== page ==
Our first release “I Tell No Lies” was on a small independent label in Memphis. As it had success regionally, we were signed by Verve Records, a subsidiary of MGM Records, through Phillips Recording Studio (Sam Phillips of Sun Records/Elvis, Jerry Lee, etc. fame) with Stan Kessler producing us. For some reason the decision was made to not release I Tell No Lies nationally on Verve, but to record another song. So “Mad, Mad, Mad” was the result. I agree with you that it is unfortunate that “I Tell No Lies” did not have a chance to go further. I see it sell on E-Bay these days for as much as $350 for a 45rpm. I wish I had stashed a case of them!
The band wasn’t actually dropped by the label. We split up due to the draft, as you said on your site. Williamson, Roark, and Minga all entered the service. I continued in music for several years, ending with the Bar-Kays (1968-1970) before going to work for Stax Records where I eventually became Advertising Manager. During my tenure there, I was directly responsible for coordinating the development of more than 130 album covers and the trade and consumer advertising that accompanied those products. We did great work and won numerous awards including a “Grammy Award” nomination for package design (“Isaac Hayes Live at Sahara Tahoe”).
Benny Kisner died sometime in the late Seventies. Tom Minga died in approximately 2000. Williamson now lives in North Mississippi and does not play drums anymore. I am in Northwest Arkansas, where I own an insurance agency. I do not play professionally any more, but sometimes play in church.
Thank you to Ron Gorden for the photos and story on the band. The Ace/Big Beat CD Cadillac Men: the Sun Masters includes Minga’s vocal take of the Jesters’ “Cadillac Man” along with some great Minga originals and an unreleased Escapades track, “What You Know About Love”. I highly recommended it.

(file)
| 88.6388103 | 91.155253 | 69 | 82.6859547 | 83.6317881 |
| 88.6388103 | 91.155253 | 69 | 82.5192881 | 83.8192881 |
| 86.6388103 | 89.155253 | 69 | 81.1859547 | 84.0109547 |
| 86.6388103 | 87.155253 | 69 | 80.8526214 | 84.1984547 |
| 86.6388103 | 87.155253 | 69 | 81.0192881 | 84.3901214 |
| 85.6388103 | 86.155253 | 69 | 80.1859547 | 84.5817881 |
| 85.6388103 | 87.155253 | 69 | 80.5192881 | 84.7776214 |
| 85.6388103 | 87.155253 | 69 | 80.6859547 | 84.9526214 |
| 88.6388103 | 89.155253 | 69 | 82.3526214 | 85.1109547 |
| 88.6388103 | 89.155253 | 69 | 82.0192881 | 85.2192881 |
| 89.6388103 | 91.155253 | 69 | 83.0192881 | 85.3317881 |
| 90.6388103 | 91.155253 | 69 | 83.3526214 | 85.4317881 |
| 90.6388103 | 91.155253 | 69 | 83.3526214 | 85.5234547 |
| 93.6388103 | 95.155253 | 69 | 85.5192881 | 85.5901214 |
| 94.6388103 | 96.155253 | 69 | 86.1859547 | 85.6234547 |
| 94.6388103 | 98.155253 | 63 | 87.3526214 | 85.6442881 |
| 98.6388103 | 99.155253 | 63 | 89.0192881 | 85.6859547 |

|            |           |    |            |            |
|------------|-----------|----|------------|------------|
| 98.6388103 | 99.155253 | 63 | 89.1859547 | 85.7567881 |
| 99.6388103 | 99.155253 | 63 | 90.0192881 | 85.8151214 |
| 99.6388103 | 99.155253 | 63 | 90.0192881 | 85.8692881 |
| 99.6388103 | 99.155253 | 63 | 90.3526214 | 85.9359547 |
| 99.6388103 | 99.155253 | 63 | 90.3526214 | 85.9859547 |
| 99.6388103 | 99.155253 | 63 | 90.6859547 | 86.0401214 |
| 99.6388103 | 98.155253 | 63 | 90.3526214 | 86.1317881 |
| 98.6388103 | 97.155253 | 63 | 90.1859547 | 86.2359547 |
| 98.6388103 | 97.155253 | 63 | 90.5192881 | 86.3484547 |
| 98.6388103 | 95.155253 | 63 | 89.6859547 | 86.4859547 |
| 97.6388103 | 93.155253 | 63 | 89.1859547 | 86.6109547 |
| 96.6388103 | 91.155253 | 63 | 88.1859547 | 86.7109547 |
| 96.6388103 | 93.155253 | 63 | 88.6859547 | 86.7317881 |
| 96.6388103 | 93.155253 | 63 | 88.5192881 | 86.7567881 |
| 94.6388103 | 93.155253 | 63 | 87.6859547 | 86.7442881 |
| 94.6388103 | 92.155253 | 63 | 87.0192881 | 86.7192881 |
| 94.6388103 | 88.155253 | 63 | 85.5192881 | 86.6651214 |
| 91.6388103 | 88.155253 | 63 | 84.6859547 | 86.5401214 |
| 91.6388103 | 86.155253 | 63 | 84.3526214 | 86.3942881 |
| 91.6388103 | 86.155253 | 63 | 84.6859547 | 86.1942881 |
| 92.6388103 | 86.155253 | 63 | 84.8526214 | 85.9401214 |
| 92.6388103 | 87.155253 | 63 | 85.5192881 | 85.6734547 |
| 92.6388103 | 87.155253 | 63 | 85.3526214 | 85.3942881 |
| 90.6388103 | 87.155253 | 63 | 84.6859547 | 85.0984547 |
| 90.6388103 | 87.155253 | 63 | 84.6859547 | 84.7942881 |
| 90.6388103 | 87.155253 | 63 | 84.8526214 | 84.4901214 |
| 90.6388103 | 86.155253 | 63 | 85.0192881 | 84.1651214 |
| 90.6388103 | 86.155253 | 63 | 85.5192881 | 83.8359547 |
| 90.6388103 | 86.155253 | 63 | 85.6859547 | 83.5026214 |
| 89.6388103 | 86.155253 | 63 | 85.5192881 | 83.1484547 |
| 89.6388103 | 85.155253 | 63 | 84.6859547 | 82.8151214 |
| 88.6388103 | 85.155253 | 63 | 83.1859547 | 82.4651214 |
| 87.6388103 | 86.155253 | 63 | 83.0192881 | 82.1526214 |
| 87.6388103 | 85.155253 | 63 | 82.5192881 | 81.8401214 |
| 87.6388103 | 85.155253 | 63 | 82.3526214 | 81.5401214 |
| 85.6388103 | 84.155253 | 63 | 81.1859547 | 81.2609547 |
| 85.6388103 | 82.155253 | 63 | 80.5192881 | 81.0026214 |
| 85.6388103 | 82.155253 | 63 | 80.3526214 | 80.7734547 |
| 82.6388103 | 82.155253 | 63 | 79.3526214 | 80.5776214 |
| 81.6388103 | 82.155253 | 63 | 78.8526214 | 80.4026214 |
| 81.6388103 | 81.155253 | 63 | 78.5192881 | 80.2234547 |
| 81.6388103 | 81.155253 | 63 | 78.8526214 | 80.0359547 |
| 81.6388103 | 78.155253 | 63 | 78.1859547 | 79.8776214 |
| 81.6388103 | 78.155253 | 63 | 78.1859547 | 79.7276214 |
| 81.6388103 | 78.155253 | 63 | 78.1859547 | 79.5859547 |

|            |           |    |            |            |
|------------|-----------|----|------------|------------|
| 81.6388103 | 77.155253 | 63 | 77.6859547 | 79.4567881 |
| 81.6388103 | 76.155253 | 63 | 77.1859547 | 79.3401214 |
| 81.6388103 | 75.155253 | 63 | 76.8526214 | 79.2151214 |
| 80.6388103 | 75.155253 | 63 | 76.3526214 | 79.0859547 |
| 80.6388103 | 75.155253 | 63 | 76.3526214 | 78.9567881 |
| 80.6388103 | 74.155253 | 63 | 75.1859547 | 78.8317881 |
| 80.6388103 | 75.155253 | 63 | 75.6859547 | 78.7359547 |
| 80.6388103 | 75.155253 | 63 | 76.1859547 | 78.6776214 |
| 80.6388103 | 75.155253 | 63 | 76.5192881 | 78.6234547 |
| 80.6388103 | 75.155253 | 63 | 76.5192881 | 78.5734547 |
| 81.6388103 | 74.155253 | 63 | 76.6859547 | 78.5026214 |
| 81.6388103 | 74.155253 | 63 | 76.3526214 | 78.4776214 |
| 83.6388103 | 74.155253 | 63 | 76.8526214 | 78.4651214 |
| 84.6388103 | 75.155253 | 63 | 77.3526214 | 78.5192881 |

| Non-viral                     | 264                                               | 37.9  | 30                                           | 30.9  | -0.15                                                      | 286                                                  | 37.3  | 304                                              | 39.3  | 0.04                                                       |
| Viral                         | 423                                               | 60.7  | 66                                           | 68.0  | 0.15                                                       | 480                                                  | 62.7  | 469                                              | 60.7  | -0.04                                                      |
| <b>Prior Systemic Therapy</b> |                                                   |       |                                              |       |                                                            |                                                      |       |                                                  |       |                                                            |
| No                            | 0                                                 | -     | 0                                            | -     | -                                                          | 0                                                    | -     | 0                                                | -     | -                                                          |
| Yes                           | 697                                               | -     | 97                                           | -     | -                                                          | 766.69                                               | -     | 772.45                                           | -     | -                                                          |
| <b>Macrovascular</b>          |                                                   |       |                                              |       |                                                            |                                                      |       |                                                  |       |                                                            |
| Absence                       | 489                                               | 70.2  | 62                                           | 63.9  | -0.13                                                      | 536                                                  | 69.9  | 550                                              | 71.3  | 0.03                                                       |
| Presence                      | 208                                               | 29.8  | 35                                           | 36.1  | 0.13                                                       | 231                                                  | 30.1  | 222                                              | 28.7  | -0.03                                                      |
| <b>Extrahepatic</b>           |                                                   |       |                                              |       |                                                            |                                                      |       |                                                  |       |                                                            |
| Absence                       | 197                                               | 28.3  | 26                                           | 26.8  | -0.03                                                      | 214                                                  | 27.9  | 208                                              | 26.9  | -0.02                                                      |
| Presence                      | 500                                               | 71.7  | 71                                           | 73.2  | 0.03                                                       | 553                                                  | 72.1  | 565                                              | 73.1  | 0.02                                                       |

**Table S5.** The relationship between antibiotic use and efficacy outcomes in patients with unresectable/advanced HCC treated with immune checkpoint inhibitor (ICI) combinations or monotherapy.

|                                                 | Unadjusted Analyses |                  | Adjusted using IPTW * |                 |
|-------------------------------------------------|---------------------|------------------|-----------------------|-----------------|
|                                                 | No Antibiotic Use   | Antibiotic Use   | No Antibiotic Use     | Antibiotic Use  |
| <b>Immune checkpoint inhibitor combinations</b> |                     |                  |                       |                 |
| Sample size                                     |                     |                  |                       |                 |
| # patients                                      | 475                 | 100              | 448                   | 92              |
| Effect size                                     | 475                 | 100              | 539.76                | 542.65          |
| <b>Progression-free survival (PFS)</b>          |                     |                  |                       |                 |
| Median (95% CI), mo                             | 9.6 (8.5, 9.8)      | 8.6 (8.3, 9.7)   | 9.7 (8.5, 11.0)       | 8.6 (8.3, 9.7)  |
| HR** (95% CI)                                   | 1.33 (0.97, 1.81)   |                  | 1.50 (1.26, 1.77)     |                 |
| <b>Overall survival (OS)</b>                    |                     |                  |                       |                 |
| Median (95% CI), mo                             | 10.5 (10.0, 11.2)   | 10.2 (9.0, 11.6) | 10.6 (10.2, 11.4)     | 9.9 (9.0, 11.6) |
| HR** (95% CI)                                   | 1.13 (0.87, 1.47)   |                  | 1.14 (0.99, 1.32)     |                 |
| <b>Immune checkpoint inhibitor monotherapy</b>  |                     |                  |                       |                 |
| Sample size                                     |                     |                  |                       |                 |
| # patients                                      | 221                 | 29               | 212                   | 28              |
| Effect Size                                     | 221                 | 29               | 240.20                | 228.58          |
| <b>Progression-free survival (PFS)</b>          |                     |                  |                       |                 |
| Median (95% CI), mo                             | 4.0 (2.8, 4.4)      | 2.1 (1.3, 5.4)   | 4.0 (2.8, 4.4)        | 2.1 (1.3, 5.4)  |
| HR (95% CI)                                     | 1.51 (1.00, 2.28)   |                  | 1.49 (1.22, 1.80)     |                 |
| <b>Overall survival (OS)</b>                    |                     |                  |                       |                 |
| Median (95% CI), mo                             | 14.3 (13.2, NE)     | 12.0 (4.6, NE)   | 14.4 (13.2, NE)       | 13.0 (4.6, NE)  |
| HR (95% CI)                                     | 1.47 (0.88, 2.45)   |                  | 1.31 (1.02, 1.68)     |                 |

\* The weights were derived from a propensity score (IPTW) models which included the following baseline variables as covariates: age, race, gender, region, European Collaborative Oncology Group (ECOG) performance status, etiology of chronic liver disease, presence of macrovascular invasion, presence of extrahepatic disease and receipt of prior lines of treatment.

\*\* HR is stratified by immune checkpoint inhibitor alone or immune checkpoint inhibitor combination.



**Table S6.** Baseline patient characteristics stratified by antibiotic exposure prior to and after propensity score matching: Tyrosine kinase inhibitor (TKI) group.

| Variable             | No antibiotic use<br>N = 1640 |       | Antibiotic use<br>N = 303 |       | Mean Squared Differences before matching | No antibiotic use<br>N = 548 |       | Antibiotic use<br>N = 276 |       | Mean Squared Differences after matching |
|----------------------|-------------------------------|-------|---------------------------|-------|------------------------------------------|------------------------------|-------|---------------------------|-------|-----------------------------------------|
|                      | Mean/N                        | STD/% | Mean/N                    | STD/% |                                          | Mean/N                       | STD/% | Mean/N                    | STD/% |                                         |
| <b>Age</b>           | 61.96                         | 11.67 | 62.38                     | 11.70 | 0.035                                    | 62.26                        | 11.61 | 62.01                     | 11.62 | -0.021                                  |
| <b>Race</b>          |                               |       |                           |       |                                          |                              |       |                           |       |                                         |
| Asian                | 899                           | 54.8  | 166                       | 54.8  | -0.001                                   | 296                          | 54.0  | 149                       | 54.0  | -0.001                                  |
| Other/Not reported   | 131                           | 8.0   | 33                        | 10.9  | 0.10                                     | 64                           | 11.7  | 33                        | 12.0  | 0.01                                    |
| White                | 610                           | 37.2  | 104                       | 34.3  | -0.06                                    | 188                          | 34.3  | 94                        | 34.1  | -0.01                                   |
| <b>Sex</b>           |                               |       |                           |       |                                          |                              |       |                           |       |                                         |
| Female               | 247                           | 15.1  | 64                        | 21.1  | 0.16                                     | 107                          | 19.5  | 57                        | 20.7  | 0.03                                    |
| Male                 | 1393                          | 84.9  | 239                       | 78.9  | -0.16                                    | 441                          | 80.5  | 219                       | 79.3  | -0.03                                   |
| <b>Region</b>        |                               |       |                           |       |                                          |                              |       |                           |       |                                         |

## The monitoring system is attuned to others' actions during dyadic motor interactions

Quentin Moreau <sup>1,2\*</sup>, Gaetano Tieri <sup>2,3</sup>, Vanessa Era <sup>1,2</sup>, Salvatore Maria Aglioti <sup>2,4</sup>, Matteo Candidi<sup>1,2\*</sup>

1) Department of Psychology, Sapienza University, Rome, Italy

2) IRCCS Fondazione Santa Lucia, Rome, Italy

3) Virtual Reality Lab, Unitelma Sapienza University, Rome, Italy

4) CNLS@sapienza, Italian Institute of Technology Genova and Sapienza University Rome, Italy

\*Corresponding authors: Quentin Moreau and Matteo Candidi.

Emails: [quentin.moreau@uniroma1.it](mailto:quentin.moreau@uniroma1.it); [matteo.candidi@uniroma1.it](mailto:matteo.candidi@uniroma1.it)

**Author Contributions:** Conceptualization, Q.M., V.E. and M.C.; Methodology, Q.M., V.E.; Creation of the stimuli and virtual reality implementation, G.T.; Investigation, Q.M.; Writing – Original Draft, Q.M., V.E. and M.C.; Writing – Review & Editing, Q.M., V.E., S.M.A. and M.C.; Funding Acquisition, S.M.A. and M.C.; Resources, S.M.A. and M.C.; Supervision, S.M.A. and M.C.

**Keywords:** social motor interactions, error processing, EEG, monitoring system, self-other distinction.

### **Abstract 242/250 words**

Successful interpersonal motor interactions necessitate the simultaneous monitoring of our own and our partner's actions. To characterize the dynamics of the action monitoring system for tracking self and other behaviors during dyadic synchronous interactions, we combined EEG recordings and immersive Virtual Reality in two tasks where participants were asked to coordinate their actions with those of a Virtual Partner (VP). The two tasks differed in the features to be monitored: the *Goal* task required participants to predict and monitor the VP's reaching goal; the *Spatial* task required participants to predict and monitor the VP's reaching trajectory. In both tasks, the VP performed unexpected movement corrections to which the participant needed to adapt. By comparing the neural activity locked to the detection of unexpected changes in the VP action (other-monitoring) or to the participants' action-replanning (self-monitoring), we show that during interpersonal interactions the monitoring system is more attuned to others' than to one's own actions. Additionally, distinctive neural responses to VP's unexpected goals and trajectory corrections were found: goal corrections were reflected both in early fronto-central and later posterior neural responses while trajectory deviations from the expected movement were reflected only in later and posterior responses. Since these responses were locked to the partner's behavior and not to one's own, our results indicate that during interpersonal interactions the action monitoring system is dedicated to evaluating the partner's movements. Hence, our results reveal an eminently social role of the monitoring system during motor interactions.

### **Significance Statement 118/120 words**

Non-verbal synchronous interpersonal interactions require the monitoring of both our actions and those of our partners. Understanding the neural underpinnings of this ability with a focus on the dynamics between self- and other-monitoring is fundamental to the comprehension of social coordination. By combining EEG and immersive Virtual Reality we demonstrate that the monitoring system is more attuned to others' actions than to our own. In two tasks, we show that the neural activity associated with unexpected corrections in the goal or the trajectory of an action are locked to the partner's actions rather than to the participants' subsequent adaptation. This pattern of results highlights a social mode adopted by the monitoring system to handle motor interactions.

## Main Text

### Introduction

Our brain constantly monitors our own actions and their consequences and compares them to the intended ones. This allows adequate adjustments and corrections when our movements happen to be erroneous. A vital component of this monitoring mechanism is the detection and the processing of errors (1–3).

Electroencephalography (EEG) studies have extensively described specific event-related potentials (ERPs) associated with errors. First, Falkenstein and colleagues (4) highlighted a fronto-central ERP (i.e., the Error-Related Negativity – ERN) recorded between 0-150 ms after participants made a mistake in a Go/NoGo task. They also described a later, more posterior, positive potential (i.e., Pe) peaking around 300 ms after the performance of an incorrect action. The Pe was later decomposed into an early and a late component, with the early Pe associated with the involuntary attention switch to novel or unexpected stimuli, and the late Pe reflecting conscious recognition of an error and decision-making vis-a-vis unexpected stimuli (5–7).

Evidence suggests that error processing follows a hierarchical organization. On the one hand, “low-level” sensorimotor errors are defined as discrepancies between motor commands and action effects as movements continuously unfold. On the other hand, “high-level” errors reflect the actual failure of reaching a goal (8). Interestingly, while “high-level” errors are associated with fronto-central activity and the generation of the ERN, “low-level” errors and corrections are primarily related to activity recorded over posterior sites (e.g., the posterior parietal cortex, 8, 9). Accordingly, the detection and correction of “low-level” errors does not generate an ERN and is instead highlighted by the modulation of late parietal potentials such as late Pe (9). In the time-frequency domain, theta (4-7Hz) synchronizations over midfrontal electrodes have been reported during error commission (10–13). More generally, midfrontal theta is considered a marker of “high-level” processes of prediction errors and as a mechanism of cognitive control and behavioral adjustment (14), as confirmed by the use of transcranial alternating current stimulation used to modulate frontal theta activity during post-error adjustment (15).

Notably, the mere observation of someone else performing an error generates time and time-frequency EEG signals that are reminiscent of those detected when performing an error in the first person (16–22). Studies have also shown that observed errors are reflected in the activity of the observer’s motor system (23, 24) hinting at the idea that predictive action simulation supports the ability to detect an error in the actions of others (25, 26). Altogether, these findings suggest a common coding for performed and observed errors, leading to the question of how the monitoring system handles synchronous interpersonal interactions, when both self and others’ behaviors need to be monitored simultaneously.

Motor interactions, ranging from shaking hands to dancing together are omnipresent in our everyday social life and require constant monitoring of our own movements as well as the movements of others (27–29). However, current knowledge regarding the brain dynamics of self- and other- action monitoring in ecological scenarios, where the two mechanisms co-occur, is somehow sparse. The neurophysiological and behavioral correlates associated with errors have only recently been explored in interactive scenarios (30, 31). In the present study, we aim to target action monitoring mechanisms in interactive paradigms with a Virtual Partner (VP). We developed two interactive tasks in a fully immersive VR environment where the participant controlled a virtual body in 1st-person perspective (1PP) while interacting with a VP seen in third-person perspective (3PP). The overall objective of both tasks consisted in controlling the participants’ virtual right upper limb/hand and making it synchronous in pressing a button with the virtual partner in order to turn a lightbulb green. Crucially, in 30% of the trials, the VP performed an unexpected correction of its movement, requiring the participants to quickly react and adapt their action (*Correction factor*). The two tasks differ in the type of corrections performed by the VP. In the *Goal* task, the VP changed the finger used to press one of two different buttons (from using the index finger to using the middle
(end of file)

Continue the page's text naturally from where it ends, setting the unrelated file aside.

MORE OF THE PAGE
l-r: Minga, Williamson, Roark, Kisner and Gorden
|I wrote about the Impression label back in 2006, but at the time I didn’t know the full story behind the Intercoms record, and had not yet heard the Mark Five or C-Minors 45s. As it turns out, the Mark V of Redlands, California was responsible for all three of these releases, and a few members also backed Jimmy Robins (aka Jimmy Robbins) on his soul classic, “I Just Can’t Please You”.
The Intercoms’ “Unabridged, Unadulterated, Unextraordinary, Ordinary, Mediocre Unoriginality Blues” (Impression 107) is a cynical parody of protest songs, and one of my favorite Dylan send-ups. Opening verse: “Well I sit right down to write myself a protest song/and I try to think about something particularly wrong/but I couldn’t think of nothing that hadn’t already been said/ I couldn’t get the Siamese cats out of my head.” It was written by Danny Faragher of the Mark Five and M. Fouch. The flipside, Please Try And Understand was written by Dave Kelliher.
I asked guitarist and vocalist Dave Roberts (Dave Kelliher) of the Mark V about the band:
The Mark V (Redlands, CA) was basically a dance combo (piano, drums, bass, trombone, sax, and trumpet) but we dabbled in guitars, harmonicas, and tambourines. The Mark V band members were:
l-r: Dick, Steve, Brad, Dave, Danny & Jimmy
Three of us did play on “I Just Can’t Please You” by Jimmy Robins: Dick Owens (drums), Danny Faragher (trombone), Dave Kelliher (trumpet). Jimmy Robins is on keyboards and that string-stretching is Sonny Jones on guitar. It was originally on the Impression label.
“About a month into our new name on a big photo shoot at Knott’s Berry Farm. These handsome lads are (l-r): Danny Faragher, Dave Kelliher (Roberts), Brad Madson, Dick Owens, Jimmy Faragher, Steve Hauser.”
We signed with Valiant, recorded at Moonglow studios, and did get some serious airplay with “Lollipop Train” (P.F. Sloan/Steve Barri; Grassroots had done it on one of their albums) in September of 1966.
In August of 2009 Danny Faragher wrote to Garage Hangover:
|Thanks to Mop Top Mike for mp3 of the Intercoms ‘Please Try and Understand’, and special thanks to Dave Roberts for his history of the band and mp3s of their songs. Dave has his own voiceover business, www.DaveRobertsVoiceover.com. Also thanks to Danny Faragher for adding more to the story – check out his site, www.dannyfaragher.com/markv as there’s a lot more information there.|
The Ruins, 1968, l to r: Paul Turchetta, Paul Ferda, John Menadrysa on drums, and Dennis Girard.